Was the council referring to removing its support from the line when it used the word "decommission", or was it simply another instance of what she had seen throughout the report, of a lot of grey areas that were simply unknown?

The other thing that had taken her by surprise was that the report considered using the line for local purposes because there was no support locally for the rail apart from tourism. That would mean using only the section from Matawhero to the port.

In talks with potential rail users

She disputed that part of the report. The Rail Action Group had already been in talks with LeaderBrand, which would provide freight to support the rail going to Napier, and with Steve Weatherell, the spokesman for many of the packhouses and other local businesses.

“I need more clarity and a review of your decision to ensure that you are not misleading the public or that you are letting the public know exactly everything that has been put out there,” she said.

The group had put this into the long-term plan for the council to consider, but the lack of public consultation had been a reflection of their findings to date about the rail.

It would have been wonderful if the council had collaborated with them on the issues they had found in the document, she said.

She asked that the document be reviewed as far as the rail corridor was concerned before the council considered ratification of a plan. Economic development occurred over a long period of time and the market went up and down.

It would be very hard to say that rail was not going to be sustainable or that roading was going to be sustainable.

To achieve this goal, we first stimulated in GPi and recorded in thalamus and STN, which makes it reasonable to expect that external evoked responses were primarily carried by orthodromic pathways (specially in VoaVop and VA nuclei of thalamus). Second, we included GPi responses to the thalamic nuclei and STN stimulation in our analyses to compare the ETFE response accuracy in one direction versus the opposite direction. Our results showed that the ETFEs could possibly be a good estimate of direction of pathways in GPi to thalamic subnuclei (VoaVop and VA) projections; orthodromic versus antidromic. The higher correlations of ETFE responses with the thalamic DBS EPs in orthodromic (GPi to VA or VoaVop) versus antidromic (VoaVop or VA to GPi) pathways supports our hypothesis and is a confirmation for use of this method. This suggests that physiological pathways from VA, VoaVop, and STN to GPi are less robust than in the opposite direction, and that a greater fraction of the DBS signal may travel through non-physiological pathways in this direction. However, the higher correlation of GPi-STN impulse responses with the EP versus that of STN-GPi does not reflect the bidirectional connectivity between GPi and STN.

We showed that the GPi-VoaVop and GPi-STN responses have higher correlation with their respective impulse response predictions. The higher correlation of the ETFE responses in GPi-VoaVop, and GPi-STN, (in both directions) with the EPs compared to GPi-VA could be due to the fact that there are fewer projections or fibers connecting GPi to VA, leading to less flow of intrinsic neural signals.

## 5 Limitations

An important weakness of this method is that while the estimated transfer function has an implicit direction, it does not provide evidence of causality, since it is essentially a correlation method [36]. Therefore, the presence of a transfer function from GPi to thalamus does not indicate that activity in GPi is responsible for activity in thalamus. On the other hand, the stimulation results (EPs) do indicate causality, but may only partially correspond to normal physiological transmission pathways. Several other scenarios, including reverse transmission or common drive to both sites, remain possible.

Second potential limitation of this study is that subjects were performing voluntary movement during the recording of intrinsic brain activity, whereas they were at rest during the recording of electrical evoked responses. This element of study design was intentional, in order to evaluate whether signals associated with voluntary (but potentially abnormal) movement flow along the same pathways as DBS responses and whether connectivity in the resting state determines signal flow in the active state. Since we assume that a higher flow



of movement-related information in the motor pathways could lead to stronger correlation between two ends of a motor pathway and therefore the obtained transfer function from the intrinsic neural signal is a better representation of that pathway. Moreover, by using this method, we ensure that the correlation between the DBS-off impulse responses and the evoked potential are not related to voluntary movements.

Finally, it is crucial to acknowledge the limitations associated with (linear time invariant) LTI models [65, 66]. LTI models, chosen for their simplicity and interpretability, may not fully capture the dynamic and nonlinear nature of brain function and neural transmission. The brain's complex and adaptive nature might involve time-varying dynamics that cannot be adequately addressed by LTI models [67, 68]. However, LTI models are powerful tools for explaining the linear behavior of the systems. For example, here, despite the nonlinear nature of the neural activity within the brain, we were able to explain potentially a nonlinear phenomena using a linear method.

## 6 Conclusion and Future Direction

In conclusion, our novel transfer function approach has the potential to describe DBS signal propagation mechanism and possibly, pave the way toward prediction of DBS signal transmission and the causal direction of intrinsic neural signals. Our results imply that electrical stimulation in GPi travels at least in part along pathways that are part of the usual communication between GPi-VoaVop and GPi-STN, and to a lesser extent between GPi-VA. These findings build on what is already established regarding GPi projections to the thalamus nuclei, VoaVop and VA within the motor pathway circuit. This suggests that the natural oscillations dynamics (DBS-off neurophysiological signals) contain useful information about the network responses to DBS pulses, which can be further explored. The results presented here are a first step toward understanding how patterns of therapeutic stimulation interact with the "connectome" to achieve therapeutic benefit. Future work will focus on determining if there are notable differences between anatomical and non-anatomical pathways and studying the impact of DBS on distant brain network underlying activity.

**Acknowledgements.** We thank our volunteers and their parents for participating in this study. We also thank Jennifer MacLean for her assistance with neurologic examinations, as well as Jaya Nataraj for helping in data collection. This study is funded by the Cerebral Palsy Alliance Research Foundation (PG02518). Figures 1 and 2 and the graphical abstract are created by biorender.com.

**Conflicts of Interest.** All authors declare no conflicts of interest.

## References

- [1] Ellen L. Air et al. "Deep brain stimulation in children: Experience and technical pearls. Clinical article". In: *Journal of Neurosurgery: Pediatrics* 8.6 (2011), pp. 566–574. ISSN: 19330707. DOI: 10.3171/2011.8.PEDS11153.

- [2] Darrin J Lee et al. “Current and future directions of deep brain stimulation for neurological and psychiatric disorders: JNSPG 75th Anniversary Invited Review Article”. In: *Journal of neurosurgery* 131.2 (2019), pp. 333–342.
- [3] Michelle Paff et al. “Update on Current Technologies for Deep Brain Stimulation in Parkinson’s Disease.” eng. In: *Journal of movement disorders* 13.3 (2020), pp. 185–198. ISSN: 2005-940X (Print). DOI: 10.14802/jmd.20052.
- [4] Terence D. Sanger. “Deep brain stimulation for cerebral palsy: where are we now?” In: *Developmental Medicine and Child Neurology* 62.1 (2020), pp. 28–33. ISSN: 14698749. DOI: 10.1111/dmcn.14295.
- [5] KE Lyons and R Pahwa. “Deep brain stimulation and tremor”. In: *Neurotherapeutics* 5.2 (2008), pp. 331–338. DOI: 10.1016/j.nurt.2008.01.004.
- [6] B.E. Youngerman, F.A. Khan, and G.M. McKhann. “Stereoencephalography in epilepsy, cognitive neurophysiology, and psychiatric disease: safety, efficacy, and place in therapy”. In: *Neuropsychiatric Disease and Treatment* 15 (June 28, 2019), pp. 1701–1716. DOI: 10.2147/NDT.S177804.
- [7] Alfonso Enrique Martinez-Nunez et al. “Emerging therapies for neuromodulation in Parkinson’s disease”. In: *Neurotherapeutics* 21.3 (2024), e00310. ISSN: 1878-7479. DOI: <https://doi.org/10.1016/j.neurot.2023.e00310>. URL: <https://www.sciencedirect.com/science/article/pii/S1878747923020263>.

“We really need to start looking smartly and say to ourselves are we going to incorporate and support rail with our plan.”

The staff report said there were no identified feasible freight options apart from the section from Matawhero to the port. However, there were several options for development of tourism activities and interest from a range of parties.

The committee has instructed the chief executive to review council policy instruments with the aim of reducing the costs of doing business in Tairawhiti without compromising community values.

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John Vandermeer - 3 years ago
Re use of the Napier-Gisborne rail line.
Is it time to get serious and honest??
Surely a spur into the Whirinaki mill would allow some of the 10M tonnes of timber to be harvested over the next decade to be shipped into the mill. There is also a fleet of overweight trucks permanently shipping product from the mill to the Port of Napier.
There is also a truck fleet continually carting wood chip or pulp from Masterton to the mill - this could be railed to the mill if a line was put into the mill. At Gisborne surely logs could be railed to the ship side - the line is still there.
In Australia demountable fuel tankers are railed and craned onto trucks for local delivery. Is 50000 tonnes of fuel per annum still being trucked into Gisborne? Is rail-road an option?
10,000 tonnes of meat product p.a. was being trucked Wairoa to Napier.
Some time ago I read that $130M has to be spent on the Napier-Gisborne road to cope with increased freight. Subsidised heavy transport? Mark Gosche, a former minister of transport, told me in writing that a 40T truck costs 13 thousand times as much as a 1 tonne car in "road rehabilitation and reconstruction costs" and proportionally the car was paying nearly 800 times as much road tax as the truck in terms of these costs.
It was only $4M to initially repair the Gisborne line - peanuts if some of these freight options can be initiated.
Surley the future is not in rail carts for tourists - it's in getting some heavy freight moving and using the line for some passenger/tourists traffic - it is one of the most picturesque sections of line in NZ behind the Chch-Greymouth line.